In the FHWA publication (and widely repeated elsewhere): Congestion Pricing: A Primer the claim is made (p.3) that the throughput on priced lanes exceeds those on unpriced lanes, using California SR91 as an example. Quoting:
“Effects of Pricing on Vehicle Throughput Vehicle “throughput” on a freeway is the number of vehicles that get through over a short period such as an hour. Once freeway traffic exceeds a certain threshold level, both vehicle speed and vehicle throughput drop precipitously. Data show that maximum vehicle throughput occurs at free flow speeds ranging from 45 mph to 65 mph. The number of vehicles that get through per hour can drop by as much as 50 percent when severe con- gestion sets in. At high traffic levels, the freeway is kept in this condition of “collapse” for several hours after the rush of commuters has stopped. This causes further unnecessary delay for off-peak motorists who arrive after rush hour. With peak-period highway pricing, a variable toll dissuades some motorists from entering freeways at those access points where traffic demand is high, and where such surges in demand may push the freeway over the critical threshold at which traffic flow collapses. Pricing prevents a breakdown of traffic flow in the first instance, and thus maintains a high level of vehicle throughput throughout the rush hours. As shown in the graph above, each variably priced lane in the median of State Route 91 in Orange County, California, carries twice as many vehicles per lane as the free lanes during the hour with heaviest traffic. Pricing has allowed twice as many vehicles to be served per lane at three to four times the speed on the free lanes. ”
As a transportation engineer, I can see several flaws with this argument. The SR91 toll lanes are a separate facility than the SR91 free lanes. If the tolls were removed from the SR91 toll lanes, would the throughput be as high? If so, the gain cannot be attributed to the tolls. This is an easy experiment to do (set the tolls to zero one day). It should be noted, the throughput at a particular cross-section might be lower on the untolled lanes, because of queue spillbacks. Because the toll lanes are separated from the untolled lanes, they are able to bypass the series of bottlenecks that are SR91. Throughput is most appropriately measured at active bottlenecks. The discharge rate at bottlenecks when demand exceeds capacity is nearly constant (well within 10% of the pre-queue formation maximum rate) according to much research in the area: e.g. Michael J. Cassidy and Robert L. Bertini (1999) Some traffic features at freeway bottlenecks. Transportation Research Part B: Methodological. Volume 33, Issue 1, February 1999, Pages 25-42 or: Zhang, Lei and David Levinson Some Properties of Flows at Freeway Bottlenecks. Journal of the Transportation Research Board No. 1883 122-131. so one has to assume that if the toll lane outperforms the untolled lane, the problem is that the throughput is not in fact measured at the active bottleneck, but rather upstream of the bottleneck. It is natural that this might have a lower per-lane throughput than the bottleneck itself.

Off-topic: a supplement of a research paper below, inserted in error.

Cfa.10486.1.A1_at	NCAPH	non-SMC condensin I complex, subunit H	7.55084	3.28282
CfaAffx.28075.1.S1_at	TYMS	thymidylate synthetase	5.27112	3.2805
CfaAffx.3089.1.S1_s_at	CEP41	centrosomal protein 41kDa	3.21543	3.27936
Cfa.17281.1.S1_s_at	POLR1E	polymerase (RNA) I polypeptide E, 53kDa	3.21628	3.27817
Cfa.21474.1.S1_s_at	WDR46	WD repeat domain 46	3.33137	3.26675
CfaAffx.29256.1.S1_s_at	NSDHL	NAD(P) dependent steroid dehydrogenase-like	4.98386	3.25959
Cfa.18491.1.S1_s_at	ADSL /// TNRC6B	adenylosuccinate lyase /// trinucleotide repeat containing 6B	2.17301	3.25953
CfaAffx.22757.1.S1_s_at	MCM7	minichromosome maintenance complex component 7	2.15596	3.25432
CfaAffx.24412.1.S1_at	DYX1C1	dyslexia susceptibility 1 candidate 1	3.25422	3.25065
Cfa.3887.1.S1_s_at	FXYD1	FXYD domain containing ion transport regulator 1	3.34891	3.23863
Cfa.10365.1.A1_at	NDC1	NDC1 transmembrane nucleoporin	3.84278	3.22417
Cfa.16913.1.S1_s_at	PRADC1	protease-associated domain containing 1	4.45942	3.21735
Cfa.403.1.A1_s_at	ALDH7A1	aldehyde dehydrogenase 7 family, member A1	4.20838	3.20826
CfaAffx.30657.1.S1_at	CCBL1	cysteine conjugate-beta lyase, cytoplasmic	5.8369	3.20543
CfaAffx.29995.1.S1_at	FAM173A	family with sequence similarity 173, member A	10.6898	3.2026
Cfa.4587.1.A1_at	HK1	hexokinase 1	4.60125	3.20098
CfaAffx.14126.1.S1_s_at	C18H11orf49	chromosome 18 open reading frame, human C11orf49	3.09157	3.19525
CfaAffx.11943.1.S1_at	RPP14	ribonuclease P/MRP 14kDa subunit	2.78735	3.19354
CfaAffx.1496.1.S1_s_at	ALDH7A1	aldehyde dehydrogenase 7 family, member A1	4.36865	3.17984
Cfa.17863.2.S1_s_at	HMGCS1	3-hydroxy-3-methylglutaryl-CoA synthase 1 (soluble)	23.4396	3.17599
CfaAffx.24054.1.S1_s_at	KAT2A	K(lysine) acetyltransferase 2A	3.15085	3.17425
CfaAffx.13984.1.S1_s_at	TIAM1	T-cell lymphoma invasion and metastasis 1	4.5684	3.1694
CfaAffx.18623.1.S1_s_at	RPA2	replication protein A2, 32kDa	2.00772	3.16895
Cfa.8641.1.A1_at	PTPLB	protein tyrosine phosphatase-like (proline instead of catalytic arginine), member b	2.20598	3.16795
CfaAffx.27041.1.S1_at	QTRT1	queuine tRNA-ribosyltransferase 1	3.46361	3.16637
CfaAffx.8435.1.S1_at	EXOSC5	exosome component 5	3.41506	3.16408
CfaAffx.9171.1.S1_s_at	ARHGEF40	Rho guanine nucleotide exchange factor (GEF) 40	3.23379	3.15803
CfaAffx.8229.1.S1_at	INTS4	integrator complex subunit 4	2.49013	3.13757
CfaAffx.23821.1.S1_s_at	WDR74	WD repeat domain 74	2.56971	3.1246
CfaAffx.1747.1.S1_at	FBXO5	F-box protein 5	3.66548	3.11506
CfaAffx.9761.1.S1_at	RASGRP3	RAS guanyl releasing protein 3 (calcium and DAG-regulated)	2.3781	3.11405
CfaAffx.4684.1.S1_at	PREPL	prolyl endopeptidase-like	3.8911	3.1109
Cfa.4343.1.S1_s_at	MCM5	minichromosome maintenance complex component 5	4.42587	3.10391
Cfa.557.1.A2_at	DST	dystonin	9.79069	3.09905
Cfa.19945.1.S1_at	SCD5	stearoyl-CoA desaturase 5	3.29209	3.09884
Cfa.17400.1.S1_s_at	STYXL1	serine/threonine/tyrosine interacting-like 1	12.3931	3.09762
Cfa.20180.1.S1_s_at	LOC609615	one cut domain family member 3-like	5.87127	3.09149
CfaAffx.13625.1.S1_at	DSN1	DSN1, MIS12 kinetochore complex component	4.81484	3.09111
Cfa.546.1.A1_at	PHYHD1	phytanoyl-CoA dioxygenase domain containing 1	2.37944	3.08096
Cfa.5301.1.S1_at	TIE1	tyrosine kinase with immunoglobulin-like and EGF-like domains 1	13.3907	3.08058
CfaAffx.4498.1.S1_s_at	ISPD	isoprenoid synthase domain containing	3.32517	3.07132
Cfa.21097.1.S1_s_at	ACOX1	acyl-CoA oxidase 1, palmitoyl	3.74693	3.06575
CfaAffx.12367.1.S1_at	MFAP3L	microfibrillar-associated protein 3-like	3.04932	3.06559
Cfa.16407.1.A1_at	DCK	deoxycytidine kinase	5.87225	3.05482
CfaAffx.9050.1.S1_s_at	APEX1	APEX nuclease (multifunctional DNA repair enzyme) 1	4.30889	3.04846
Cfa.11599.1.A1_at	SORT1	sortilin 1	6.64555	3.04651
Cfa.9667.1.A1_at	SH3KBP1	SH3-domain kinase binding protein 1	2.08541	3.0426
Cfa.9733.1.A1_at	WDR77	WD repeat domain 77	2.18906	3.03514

Think about it this way: A bottleneck has 2 lanes, assume a capacity of 2000 vehicles per lane per hour, so it can handle 4000 vehicles per hour. Upstream there are 3 lanes (or 2 lanes, but they are joined by an on-ramp, so effectively 3 lanes). At the peak those three lanes each carry 2000 vehicles per lane per hour for a short period of time. However once those vehicles reach a bottleneck that can only accommodate 4000 vehicles, a queue forms (at the rate of 2000 vehicles per hour spread across the the three lanes). Eventually that queue reaches the measurement point, and flow there drops from 2000 vehicles per lane per hour to 1333 vehicles per lane per hour. To the untrained eye, this may appear as a loss of throughput due to being untolled, but in fact it is a loss of throughput due to a bottleneck spilling backwards. The 2000 vplph was unsustainable because of the downstream bottleneck, and would only be observable for a short period of time. Pricing cannot solve that problem except by reducing demand.
The comparison made in the FHWA report is fundamentally misleading, and in the long run does no service to road pricing. The evidence on I-394 for instance suggests that at bottleneck points the throughput on the free lanes exceeds that on the tolled lanes, because the toll lanes have prices that prevent demand from approaching capacity (to ensure reliability). As readers of this blog will note, I am of course supportive of congestion pricing in general (if the transaction costs can be brought down), but making unsupportable and misleading claims should be discouraged.